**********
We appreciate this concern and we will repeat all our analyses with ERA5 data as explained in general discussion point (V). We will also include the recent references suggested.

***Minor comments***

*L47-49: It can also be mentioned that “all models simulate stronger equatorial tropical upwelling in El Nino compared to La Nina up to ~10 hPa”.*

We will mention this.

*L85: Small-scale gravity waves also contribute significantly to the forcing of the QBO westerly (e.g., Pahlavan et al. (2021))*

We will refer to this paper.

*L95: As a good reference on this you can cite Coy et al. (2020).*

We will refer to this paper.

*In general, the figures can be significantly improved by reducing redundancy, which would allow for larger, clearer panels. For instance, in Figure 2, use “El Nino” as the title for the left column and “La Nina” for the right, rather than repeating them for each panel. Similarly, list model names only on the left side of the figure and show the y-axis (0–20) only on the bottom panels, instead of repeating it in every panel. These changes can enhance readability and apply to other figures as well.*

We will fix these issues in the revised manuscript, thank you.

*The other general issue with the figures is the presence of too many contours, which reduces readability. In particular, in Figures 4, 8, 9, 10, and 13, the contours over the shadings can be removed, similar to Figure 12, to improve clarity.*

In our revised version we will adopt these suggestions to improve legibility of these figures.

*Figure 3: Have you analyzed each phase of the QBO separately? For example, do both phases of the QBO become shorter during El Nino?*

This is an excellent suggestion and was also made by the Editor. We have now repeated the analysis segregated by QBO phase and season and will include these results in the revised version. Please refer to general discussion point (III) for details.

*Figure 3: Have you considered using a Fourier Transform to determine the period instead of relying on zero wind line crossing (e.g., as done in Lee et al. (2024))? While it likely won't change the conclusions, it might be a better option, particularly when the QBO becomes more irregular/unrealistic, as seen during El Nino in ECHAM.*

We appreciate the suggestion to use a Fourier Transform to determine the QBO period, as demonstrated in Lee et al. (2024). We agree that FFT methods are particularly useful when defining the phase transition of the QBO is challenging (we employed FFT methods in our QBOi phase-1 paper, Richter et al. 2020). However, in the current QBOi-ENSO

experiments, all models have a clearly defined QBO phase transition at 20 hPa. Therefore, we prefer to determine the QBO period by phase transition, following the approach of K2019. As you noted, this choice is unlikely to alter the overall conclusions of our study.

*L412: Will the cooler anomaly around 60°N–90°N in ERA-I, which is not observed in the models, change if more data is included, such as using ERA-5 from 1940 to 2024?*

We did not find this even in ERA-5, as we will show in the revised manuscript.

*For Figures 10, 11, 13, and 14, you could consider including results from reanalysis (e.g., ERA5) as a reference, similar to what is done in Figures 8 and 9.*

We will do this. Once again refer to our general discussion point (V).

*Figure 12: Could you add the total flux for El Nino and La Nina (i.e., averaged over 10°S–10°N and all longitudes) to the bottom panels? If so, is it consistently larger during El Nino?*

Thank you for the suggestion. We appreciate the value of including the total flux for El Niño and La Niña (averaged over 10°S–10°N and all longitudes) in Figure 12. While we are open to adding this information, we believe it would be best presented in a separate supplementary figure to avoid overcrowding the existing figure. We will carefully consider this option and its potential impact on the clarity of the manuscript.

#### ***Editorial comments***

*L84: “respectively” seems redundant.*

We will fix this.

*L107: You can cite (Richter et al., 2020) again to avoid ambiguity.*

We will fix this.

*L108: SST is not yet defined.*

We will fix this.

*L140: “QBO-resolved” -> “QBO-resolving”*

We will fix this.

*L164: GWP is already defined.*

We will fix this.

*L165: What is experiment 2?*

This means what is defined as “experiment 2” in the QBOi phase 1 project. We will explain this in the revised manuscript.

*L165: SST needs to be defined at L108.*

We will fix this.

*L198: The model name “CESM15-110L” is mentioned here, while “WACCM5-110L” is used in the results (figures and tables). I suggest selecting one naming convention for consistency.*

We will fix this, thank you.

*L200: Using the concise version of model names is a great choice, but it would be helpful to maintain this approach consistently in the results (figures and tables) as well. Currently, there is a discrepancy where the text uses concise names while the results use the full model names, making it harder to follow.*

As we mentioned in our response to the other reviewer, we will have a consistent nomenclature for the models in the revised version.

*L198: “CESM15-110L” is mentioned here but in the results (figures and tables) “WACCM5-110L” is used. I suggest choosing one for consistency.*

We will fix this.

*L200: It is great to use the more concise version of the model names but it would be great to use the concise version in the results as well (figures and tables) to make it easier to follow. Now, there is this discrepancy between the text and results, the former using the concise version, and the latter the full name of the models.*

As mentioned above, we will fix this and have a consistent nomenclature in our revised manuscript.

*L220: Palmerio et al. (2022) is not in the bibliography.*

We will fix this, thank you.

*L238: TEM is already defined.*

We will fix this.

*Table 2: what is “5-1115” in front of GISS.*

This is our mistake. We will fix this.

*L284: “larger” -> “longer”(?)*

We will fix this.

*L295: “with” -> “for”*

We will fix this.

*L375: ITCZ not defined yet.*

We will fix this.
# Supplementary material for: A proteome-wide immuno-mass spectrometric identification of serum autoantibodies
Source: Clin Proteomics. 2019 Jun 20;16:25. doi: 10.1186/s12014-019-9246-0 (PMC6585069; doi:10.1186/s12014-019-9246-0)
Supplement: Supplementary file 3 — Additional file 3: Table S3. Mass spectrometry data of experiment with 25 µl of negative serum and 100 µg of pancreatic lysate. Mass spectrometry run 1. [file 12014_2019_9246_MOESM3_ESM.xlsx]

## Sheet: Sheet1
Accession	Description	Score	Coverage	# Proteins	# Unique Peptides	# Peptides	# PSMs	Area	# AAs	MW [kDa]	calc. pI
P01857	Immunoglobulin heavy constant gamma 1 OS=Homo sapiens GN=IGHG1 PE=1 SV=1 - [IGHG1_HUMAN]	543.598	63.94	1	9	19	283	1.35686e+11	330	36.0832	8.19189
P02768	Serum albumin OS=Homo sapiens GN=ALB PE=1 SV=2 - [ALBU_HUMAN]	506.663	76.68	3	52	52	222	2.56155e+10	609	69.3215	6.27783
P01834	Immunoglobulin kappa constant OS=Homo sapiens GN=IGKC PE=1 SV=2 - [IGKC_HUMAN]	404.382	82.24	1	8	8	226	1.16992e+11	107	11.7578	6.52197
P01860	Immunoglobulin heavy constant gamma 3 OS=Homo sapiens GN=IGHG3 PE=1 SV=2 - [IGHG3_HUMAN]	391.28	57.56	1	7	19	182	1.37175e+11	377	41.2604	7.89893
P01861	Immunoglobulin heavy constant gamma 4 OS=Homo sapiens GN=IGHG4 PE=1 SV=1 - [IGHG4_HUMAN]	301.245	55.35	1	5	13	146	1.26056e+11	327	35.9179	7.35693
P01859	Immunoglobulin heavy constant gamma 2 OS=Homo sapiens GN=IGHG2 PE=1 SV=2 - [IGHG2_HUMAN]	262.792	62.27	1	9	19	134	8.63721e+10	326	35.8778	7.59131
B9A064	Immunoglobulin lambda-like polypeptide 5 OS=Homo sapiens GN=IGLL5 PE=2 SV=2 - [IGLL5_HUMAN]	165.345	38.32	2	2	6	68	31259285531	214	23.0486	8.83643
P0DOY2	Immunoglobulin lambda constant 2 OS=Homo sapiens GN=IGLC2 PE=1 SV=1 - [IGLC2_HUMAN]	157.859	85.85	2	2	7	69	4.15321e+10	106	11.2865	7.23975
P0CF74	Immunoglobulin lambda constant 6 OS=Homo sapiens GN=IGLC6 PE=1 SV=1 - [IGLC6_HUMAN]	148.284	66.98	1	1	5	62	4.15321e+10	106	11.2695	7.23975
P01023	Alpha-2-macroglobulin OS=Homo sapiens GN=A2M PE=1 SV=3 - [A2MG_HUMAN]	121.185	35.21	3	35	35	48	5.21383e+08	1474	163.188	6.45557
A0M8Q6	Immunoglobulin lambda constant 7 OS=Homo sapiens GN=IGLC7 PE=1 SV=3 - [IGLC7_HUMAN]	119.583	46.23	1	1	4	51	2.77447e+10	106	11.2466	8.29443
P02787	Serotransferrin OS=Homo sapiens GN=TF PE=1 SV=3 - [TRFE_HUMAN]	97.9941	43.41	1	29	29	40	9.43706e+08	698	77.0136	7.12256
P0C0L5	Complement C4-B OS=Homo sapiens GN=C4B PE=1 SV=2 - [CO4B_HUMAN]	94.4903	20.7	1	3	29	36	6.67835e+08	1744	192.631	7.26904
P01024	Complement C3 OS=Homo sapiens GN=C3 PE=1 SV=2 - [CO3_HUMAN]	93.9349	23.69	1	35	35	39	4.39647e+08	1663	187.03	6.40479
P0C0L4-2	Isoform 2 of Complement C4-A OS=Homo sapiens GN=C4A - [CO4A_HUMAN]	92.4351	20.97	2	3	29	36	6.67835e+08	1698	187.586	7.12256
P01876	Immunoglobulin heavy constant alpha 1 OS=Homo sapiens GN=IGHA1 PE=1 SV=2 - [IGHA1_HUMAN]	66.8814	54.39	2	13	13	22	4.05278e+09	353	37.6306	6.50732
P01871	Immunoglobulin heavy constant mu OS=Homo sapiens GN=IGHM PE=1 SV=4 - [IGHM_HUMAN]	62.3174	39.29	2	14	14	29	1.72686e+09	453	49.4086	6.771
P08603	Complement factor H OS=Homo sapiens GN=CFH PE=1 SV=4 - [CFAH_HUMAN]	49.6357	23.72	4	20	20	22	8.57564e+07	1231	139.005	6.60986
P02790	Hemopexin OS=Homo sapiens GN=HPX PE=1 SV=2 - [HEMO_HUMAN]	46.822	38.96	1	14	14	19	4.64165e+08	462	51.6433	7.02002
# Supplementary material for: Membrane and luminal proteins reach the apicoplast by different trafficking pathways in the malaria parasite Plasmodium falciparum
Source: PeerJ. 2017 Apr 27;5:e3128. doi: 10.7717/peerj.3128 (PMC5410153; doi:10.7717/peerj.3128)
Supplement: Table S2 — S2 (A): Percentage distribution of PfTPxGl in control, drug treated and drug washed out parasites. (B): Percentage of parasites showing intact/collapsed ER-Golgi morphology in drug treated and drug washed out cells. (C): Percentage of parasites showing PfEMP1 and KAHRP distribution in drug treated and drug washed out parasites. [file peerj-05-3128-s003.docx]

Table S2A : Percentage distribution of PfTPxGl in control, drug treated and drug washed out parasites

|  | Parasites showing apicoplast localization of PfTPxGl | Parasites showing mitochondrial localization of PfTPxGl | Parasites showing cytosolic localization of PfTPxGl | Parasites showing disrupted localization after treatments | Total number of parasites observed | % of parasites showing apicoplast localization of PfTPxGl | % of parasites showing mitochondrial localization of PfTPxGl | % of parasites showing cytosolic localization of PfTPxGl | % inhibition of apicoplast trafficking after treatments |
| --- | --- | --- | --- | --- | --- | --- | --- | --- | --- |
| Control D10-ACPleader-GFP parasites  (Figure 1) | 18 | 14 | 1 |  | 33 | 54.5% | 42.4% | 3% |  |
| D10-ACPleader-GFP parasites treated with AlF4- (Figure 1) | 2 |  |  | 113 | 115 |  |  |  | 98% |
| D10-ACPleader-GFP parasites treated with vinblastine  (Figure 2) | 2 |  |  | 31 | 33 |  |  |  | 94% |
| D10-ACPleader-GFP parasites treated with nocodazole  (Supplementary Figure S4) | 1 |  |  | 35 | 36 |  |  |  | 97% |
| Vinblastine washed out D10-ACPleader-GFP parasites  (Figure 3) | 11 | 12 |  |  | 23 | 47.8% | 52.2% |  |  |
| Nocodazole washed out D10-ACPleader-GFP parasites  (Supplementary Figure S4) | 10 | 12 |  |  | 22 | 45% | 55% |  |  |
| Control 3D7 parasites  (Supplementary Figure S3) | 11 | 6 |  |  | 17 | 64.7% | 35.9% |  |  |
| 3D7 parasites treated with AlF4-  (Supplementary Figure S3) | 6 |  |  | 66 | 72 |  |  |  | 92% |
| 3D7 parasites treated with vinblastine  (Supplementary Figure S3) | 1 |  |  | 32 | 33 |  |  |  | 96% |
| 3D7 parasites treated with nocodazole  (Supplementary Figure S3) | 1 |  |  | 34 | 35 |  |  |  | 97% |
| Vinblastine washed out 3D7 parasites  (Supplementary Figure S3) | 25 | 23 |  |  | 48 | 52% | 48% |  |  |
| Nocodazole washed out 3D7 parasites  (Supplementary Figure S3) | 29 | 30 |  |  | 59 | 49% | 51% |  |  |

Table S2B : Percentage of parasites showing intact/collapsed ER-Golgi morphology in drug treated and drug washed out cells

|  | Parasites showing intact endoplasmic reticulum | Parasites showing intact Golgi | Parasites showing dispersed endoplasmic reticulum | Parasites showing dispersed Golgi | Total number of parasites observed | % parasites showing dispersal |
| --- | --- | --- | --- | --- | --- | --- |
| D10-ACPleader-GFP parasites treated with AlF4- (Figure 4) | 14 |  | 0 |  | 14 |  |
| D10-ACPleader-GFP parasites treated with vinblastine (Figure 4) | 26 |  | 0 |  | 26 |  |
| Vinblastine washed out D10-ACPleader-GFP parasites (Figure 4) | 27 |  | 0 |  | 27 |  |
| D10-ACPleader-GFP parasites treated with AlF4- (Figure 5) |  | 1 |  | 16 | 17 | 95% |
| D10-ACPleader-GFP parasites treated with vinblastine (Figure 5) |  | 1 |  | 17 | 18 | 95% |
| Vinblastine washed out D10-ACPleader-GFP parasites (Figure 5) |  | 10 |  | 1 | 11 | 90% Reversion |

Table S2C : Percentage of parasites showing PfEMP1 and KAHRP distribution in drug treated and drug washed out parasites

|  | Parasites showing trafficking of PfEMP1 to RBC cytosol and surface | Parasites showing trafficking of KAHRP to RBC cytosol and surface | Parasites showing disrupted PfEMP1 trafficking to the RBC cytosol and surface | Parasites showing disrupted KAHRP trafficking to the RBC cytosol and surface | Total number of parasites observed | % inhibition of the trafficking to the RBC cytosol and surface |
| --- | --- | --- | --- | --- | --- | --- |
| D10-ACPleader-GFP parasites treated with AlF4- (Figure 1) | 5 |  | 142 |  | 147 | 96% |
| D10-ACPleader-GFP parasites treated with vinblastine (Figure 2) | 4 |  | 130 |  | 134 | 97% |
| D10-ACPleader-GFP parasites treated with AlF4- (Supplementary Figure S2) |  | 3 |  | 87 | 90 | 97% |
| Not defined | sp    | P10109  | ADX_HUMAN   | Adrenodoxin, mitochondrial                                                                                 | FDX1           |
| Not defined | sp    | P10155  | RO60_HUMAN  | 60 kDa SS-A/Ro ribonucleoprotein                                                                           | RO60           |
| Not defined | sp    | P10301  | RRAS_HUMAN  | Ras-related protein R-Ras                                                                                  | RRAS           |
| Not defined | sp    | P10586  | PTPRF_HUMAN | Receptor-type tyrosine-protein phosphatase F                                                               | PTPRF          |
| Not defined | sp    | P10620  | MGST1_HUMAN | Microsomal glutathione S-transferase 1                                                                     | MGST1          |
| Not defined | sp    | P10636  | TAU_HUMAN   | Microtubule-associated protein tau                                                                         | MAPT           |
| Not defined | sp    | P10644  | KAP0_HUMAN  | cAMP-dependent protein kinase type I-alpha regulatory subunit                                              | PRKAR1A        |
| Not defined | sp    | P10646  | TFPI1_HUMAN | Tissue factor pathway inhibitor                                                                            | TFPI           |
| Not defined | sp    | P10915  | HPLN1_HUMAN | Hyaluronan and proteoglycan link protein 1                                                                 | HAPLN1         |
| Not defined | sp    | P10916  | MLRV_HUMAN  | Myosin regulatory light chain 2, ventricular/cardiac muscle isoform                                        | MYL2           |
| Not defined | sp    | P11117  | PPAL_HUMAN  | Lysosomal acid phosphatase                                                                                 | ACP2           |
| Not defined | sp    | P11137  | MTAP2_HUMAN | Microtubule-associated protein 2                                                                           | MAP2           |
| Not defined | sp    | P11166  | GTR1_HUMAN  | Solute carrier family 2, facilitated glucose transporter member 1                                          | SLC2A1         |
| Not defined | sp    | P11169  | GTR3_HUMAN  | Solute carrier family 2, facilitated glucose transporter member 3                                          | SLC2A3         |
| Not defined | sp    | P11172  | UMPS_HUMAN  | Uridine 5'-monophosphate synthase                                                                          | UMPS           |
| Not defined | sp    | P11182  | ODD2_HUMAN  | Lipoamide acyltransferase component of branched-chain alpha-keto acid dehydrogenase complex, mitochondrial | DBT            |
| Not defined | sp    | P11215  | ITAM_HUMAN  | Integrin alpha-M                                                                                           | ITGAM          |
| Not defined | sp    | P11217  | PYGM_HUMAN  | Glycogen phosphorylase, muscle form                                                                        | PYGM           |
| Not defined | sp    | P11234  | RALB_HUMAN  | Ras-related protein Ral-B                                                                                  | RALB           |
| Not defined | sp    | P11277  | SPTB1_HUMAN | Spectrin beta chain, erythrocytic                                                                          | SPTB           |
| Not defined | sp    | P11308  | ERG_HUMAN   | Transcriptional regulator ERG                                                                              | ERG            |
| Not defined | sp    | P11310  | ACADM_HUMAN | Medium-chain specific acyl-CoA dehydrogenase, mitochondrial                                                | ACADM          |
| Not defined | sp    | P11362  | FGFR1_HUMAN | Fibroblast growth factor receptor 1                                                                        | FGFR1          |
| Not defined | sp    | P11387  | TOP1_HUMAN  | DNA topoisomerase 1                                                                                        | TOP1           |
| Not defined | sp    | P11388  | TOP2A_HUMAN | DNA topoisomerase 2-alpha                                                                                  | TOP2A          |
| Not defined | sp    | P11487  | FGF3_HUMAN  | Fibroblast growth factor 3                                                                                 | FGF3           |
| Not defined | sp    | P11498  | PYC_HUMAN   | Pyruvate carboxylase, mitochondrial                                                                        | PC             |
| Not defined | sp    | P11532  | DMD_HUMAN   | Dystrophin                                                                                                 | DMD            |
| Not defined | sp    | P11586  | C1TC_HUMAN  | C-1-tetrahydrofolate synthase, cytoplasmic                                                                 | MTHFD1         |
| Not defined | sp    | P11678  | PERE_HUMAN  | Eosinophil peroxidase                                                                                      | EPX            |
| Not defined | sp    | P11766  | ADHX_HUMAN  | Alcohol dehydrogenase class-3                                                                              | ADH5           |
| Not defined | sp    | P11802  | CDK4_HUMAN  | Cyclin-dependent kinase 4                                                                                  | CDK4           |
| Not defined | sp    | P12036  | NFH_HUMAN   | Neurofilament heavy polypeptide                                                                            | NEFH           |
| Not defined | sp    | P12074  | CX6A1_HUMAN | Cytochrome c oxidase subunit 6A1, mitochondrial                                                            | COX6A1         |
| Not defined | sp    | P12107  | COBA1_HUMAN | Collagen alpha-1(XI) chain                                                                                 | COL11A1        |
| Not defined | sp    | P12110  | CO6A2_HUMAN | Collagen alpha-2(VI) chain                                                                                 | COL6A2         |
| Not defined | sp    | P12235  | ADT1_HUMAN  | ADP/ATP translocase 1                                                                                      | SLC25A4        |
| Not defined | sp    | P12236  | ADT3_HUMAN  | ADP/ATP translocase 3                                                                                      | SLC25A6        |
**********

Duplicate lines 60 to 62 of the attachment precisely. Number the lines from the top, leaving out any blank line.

Source: Clin Proteomics. 2019 Jun 20;16:25. doi: 10.1186/s12014-019-9246-0 (PMC6585069; doi:10.1186/s12014-019-9246-0)
Supplement: Supplementary file 3 — Additional file 3: Table S3. Mass spectrometry data of experiment with 25 µl of negative serum and 100 µg of pancreatic lysate. Mass spectrometry run 1. [file 12014_2019_9246_MOESM3_ESM.xlsx]

## Sheet: Sheet1